6. ^ Block, E (1985). "The chemistry of garlic and onions". Scientific American. 252: 114–119. doi:10.1038/scientificamerican0385-114. PMID 3975593. 
  7. ^ Apitz-Castro, R; Escalante, J; Vargas, R; Jain, MK (1986). "Ajoene, the antiplatelet principle of garlic, synergistically potentiates the antiaggregatory action of prostacyclin, forskolin, indomethacin and dypiridamole on human platelets". Thrombosis Research. 42 (3): 303–11. doi:10.1016/0049-3848(86)90259-8. PMID 3520940. 
  8. ^ Block E, Ahmad S, Catalfamo JL, Jain MK, Apitz-Castro R (1986). "The chemistry of alkyl thiosulfinate esters. 9. Antithrombotic organosulfur compounds from garlic: structural, mechanistic, and synthetic studies". Journal of the American Chemical Society. 108: 7045–7055. doi:10.1021/ja00282a033. 
  9. ^ a b Block, E (2010). Garlic and Other Alliums: The Lore and the Science. Royal Society of Chemistry. ISBN 978-0-85404-190-9.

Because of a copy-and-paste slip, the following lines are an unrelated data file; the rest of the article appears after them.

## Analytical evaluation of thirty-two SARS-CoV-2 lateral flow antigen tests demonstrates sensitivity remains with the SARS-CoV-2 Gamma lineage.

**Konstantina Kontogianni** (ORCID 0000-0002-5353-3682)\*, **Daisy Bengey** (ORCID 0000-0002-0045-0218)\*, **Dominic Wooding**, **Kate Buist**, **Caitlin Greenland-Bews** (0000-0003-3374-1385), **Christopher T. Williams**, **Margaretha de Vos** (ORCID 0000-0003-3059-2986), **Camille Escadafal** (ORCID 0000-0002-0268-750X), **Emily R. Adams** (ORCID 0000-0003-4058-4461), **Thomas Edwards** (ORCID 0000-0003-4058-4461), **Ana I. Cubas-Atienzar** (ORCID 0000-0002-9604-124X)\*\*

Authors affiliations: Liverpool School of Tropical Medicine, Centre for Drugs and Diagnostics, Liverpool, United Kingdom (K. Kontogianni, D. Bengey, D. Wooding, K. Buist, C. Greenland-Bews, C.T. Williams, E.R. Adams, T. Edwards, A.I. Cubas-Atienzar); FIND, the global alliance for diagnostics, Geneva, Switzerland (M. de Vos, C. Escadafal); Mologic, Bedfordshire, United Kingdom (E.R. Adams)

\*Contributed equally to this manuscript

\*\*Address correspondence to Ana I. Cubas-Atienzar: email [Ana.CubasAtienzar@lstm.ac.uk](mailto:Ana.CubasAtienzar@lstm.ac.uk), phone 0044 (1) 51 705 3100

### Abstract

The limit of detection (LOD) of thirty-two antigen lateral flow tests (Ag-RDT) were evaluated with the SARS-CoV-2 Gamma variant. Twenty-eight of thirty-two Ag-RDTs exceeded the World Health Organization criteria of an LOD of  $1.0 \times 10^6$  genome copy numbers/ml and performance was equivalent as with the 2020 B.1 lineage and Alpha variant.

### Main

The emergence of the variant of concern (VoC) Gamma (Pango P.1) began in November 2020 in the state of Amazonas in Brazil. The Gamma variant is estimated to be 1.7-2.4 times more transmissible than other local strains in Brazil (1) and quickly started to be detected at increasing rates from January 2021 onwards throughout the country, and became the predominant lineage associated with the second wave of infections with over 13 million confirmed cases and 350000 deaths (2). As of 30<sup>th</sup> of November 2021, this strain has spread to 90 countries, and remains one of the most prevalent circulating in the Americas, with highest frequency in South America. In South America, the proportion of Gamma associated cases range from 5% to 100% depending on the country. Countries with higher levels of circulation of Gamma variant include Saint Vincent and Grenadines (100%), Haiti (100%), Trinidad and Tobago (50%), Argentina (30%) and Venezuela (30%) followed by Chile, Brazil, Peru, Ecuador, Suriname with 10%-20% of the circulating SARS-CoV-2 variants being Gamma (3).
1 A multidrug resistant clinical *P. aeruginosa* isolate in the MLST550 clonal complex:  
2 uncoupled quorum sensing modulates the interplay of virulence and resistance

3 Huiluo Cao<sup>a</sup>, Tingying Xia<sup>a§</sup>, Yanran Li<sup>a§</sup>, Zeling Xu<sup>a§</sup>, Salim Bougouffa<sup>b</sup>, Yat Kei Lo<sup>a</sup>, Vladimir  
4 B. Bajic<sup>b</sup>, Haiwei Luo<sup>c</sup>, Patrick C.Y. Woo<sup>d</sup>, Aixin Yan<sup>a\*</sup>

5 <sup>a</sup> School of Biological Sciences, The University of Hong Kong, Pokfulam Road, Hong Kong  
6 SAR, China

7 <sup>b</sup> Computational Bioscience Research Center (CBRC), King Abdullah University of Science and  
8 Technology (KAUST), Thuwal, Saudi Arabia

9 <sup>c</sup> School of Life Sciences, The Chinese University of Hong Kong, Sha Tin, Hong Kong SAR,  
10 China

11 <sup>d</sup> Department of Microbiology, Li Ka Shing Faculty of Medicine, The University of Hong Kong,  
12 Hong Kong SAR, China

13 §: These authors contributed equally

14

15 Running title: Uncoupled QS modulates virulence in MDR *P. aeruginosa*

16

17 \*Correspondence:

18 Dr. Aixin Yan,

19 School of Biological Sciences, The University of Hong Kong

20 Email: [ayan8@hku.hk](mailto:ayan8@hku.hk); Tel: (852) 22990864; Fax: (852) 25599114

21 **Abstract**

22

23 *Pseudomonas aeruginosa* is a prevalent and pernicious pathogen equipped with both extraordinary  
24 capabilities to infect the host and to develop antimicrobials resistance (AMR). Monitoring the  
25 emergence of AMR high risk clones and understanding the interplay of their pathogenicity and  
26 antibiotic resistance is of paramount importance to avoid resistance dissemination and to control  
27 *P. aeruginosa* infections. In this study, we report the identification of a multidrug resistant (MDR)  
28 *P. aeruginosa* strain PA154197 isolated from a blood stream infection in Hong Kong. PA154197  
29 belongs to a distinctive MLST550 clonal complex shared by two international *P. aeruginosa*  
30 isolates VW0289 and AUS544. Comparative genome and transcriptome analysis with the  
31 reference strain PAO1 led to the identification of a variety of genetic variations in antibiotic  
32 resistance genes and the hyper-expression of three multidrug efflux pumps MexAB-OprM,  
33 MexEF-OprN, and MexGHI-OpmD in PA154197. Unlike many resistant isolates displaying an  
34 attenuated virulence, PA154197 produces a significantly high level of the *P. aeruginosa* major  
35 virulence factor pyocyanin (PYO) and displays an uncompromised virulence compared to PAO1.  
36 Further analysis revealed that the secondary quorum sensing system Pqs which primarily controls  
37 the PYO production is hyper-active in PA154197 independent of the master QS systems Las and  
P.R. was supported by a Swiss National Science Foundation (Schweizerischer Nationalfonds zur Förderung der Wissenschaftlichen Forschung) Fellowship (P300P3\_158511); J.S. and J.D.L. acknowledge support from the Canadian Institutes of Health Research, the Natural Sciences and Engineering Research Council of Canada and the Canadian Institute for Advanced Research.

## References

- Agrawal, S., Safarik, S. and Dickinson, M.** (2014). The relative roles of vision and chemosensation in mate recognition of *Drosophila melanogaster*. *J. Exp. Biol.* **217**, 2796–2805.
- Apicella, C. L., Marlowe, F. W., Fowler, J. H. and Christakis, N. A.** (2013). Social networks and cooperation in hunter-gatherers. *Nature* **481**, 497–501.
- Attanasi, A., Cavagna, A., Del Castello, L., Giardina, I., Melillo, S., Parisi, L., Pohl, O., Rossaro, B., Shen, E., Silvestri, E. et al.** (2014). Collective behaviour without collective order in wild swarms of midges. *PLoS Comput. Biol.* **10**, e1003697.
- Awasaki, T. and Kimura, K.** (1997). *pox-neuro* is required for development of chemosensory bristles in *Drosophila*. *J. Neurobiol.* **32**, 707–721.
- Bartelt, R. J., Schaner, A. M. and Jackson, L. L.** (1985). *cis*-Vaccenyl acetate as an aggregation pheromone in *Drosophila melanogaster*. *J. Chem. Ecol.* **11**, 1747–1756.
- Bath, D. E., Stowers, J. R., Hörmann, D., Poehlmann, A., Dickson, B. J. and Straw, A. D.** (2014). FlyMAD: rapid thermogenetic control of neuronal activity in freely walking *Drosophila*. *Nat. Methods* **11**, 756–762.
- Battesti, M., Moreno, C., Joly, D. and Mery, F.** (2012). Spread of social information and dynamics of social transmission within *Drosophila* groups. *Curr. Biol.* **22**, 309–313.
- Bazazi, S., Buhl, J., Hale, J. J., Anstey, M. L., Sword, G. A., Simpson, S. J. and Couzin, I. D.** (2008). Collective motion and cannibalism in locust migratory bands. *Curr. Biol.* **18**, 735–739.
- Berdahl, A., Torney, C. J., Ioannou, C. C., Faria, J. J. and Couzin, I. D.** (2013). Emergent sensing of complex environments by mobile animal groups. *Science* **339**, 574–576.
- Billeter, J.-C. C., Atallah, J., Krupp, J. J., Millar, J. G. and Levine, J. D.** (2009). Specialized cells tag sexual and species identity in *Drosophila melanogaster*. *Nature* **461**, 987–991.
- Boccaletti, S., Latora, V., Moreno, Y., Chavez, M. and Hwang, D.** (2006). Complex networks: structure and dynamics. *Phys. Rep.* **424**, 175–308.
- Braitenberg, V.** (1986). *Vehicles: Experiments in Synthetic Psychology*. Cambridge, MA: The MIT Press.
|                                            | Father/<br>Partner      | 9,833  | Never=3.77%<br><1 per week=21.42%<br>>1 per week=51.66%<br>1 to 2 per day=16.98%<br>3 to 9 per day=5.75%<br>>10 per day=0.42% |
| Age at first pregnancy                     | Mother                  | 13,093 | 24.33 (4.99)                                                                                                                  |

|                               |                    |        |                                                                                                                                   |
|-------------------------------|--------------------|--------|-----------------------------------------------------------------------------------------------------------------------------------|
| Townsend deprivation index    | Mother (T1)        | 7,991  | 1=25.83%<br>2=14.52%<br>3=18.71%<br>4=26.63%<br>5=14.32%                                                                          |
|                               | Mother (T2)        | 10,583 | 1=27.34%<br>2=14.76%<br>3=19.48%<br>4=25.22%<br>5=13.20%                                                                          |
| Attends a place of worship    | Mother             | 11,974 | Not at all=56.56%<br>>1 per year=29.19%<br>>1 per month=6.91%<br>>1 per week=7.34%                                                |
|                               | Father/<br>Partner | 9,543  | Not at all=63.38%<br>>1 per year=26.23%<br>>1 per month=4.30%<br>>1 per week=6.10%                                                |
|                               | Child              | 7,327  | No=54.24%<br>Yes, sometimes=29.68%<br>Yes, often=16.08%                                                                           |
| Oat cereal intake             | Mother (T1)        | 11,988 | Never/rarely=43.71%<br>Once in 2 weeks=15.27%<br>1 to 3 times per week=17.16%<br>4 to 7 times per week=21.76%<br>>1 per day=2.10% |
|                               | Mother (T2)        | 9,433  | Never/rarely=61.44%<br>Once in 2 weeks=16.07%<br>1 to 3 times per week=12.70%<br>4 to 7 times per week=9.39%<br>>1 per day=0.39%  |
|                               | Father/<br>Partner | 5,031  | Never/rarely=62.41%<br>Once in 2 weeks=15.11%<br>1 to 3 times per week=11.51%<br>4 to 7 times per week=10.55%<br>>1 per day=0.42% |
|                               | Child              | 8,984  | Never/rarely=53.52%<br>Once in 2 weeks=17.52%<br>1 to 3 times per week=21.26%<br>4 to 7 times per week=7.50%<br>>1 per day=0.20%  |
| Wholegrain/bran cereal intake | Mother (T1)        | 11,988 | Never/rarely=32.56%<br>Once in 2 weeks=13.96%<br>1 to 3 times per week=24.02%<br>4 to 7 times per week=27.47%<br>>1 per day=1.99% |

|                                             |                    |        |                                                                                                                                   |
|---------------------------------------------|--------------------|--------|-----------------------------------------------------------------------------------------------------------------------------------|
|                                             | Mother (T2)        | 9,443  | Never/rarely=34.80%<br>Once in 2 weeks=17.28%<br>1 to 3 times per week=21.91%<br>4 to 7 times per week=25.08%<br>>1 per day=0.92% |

10. ^ Weber ND, Andersen DO, North JA, et al. (1992). "In vitro virucidal effects of Allium sativum (garlic) extract and compounds". Planta Med. 58 (5): 417–23. doi:10.1055/s-2006-961504. PMID 1470664. 
  11. ^ Tatarintsev AV, Vrzhets PV, Ershov DE, et al. (1992). "The ajoene blockade of integrin-dependent processes in an HIV-infected cell system". Vestn Ross Akad Med Nauk (11-12): 6–10. PMID 1284227. 
  12. ^ Torres J, Romero H (2012). "In vitro antifungal activity of ajoene on five clinical isolates of Histoplasma capsulatum var. capsulatum". Revista Iberoamericana de Micologia. 29 (1): 24–28. doi:10.1016/j.riam.2011.04.001. PMID 21635962. 
  13. ^ a b Ledezma E, Apitz-Castro R (2006). "Ajoene the main active compound of garlic (Allium sativum): a new antifungal agent". Revista Iberoamericana de Micologia. 23 (2): 75–80. doi:10.1016/s1130-1406(06)70017-1. PMID 16854181. 
  14. ^ Choi JA; et al. (2018). "Enhancement of the antimycobacterial activity of macrophages by ajoene". Innate Immunity. 24 (1): 79–88. doi:10.1177/1753425917747975. PMID 29239661.